While working with patients, CW+ Music and Sound Research Consultant Andrew Hall designed OPRA (Older People’s Rhythm App), which brings musical creativity to a patient’s bedside. Through simple and intuitive touchscreen rhythm exercises, the app delivers the same creative satisfaction and cognitive benefits as group music making and aids rehabilitation, for example, in stroke patients.We began this project by identifying several areas of care in which interventions based on interactive music technology might help to address specific clinical needs: these included the exercising of fine motor skills and upper limb movement, stimulating cognitive processes associated with pattern identification and rhythm, and redeveloping visual scanning and communicative ability, particularly in stroke patients. On top of this, however, was the desire to also give patients a sense of musicality, allowing them to assert their own creative identity amidst a potentially alienating environment.From these starting points a series of interactive touch-screen musical tools were developed, using rhythm, pitch and colour, in combination with a simple accessible design, to create engaging musical interactions at the bedside. Subsequent testing and collaboration with staff allowed for a detailed refining of these tools to even further address specific conditions: for example, following a discussion with the stroke-specialist occupational therapists regarding the condition of left-side ‘neglect’, in which the left side of someone’s field of vision is neglected by the brain, two of the tools were redesigned to include bright focal points on the left of the screen to aid visual scanning. This is just one example of how the input of staff has directly influenced the design of these tools, which remain, at their core, expressive musical instruments.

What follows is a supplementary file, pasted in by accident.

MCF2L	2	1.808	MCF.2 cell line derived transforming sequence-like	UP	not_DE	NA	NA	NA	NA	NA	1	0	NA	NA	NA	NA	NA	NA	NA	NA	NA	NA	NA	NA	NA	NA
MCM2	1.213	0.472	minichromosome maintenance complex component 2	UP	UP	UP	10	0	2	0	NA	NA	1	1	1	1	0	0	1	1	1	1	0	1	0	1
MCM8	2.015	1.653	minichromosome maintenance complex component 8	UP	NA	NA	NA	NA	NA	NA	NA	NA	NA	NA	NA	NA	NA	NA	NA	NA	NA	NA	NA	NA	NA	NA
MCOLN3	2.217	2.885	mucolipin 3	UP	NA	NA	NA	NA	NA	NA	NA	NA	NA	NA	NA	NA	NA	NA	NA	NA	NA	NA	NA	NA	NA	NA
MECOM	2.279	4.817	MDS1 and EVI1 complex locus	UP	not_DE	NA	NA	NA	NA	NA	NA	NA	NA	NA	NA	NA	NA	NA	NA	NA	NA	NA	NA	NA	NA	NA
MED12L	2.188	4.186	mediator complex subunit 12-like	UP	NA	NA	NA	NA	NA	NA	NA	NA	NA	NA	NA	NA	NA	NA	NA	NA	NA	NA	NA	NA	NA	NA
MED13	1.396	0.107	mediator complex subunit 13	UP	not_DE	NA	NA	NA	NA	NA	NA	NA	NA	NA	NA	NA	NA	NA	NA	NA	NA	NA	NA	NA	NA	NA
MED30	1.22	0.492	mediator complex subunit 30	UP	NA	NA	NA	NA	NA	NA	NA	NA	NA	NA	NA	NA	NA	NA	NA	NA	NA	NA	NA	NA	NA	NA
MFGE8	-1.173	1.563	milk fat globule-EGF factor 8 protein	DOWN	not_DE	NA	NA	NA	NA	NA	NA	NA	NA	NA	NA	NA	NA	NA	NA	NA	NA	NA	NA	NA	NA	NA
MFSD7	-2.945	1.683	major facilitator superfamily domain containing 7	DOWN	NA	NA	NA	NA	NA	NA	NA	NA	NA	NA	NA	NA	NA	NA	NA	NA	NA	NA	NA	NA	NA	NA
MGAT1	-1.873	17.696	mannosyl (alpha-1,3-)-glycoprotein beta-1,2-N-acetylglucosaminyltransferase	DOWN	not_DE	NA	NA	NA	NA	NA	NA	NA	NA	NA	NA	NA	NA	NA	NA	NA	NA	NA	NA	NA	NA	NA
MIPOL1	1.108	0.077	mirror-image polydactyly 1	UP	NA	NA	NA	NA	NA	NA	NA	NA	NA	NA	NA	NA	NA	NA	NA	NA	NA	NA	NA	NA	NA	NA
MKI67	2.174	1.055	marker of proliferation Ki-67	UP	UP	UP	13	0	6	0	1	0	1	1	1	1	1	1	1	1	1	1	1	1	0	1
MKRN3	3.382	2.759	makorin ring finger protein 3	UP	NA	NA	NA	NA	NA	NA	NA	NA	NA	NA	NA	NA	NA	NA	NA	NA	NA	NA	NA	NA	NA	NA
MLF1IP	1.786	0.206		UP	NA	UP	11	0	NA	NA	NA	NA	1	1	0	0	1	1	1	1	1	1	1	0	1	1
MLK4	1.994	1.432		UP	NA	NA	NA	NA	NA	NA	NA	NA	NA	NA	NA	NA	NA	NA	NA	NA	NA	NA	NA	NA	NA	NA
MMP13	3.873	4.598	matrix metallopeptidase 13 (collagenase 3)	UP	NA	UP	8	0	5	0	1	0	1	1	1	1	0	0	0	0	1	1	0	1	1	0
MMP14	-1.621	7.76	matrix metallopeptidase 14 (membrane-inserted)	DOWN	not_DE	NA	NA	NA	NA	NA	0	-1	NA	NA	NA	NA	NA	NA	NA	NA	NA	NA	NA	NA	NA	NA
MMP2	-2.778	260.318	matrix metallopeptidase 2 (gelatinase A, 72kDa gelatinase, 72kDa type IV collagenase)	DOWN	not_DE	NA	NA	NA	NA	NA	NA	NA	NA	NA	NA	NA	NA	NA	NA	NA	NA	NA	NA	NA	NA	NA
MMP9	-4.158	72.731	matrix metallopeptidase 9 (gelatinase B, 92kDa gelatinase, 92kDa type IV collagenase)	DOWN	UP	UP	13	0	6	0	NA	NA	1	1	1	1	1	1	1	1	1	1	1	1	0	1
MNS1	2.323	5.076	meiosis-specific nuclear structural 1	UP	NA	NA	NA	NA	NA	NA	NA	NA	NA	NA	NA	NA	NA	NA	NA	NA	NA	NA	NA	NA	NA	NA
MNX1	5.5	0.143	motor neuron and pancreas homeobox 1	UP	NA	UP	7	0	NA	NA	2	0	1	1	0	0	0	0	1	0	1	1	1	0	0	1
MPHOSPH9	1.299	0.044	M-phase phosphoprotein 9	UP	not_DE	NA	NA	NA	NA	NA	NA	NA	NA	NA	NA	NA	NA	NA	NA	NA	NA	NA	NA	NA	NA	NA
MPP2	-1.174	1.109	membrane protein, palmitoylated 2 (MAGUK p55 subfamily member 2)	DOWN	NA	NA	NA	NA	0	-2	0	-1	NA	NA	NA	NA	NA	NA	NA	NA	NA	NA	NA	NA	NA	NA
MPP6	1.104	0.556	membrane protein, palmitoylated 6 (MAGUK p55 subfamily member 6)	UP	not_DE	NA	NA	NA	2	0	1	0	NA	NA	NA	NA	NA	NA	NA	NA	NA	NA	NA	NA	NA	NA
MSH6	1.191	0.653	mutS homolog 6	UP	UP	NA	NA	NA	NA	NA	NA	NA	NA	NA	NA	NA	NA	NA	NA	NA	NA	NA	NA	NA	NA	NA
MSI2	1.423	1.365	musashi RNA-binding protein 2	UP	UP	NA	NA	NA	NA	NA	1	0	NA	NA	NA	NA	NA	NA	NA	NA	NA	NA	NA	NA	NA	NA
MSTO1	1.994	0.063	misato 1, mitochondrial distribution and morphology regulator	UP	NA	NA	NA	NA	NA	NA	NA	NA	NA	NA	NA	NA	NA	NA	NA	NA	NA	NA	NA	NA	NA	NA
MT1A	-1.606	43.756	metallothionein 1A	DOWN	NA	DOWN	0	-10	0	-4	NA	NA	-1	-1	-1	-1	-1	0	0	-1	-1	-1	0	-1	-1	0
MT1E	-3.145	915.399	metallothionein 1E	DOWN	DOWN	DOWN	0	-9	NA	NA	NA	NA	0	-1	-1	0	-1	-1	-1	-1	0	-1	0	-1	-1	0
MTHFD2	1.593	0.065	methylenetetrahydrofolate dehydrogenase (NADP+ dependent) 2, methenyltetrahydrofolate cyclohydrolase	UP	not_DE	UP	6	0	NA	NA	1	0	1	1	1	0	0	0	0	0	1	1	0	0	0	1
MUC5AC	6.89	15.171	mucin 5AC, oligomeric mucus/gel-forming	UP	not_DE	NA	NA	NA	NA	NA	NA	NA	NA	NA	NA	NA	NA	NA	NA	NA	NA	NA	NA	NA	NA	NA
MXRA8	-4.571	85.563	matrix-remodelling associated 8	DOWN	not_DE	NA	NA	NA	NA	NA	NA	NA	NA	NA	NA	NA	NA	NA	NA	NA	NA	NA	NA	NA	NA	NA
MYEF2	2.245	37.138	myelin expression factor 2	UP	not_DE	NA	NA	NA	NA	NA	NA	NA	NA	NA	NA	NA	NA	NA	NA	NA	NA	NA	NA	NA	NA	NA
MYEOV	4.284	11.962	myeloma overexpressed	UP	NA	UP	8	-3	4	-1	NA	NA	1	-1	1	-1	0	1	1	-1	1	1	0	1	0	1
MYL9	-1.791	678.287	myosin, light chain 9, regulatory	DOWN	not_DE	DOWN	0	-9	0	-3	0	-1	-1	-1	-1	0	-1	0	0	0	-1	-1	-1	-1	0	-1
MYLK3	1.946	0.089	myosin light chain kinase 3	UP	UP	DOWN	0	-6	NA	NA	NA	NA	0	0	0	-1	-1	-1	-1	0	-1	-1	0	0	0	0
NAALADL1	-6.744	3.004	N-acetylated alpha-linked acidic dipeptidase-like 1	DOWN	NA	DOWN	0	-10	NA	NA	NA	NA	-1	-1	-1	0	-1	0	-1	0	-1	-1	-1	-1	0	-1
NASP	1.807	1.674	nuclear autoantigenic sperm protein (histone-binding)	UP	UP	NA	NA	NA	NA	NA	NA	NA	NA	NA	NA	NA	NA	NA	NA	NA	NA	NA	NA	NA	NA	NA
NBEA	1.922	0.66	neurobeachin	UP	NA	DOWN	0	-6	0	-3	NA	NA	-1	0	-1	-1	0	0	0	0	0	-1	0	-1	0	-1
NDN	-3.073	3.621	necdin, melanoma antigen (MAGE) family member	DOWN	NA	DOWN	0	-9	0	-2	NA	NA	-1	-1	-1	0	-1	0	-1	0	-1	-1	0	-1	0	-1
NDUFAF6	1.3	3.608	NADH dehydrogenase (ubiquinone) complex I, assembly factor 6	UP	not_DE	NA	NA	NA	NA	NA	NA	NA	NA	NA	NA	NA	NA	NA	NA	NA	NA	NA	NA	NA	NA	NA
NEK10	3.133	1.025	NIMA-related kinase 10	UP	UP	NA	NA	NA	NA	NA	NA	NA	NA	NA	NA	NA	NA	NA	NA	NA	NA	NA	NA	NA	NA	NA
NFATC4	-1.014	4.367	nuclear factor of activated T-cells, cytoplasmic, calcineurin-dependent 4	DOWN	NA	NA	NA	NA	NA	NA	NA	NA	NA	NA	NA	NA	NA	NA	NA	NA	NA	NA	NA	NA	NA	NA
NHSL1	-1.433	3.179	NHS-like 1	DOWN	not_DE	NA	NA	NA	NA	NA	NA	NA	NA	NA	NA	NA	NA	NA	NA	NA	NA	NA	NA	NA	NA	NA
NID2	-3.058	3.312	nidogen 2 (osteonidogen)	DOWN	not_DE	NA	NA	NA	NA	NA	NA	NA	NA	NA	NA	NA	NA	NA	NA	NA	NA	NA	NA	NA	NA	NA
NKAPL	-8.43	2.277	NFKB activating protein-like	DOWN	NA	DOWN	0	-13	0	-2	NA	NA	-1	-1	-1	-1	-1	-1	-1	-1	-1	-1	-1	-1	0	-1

Pulse Music is an intelligent music listening system, designed to use live patient data to modify the listening experience to support specific clinical goals. Inspired by the new ‘sensorrich’ Intensive Care environment now being built at Chelsea and Westminster Hospital, and based on recent research suggesting a link between musical tempo and a listener’s pulse, the ‘Pulse Music’ system automatically adapts the tempo of a piece of music in response to changes in a listener’s heart rate. For example, if the listener’s heart rate is higher than what would be clinically desirable, the music can be slowed down accordingly, and any resulting change in heart rate can be monitored, recorded, and reinterpreted by the system. There is currently a pilot study taking place at West Middlesex Hospital, led by consultant cardiologist Dr Sadia Khan, to investigate the potential effects of this system on a cohort of volunteer participants.‘Pulse Music’ is prototypical of a new technology-driven approach to music listening in hospital settings. The continuing onset of machine-learning and artificial intelligence may pave the way to a flourishing of similar ‘smart’ arts interventions, simultaneously influencing the patient environment, measuring the impact of these changes, and learning how optimum conditions can be achieved: in this way, the arts may become more deeply integrated into healthcare environments than ever before. Read more about the design and research behind this system here.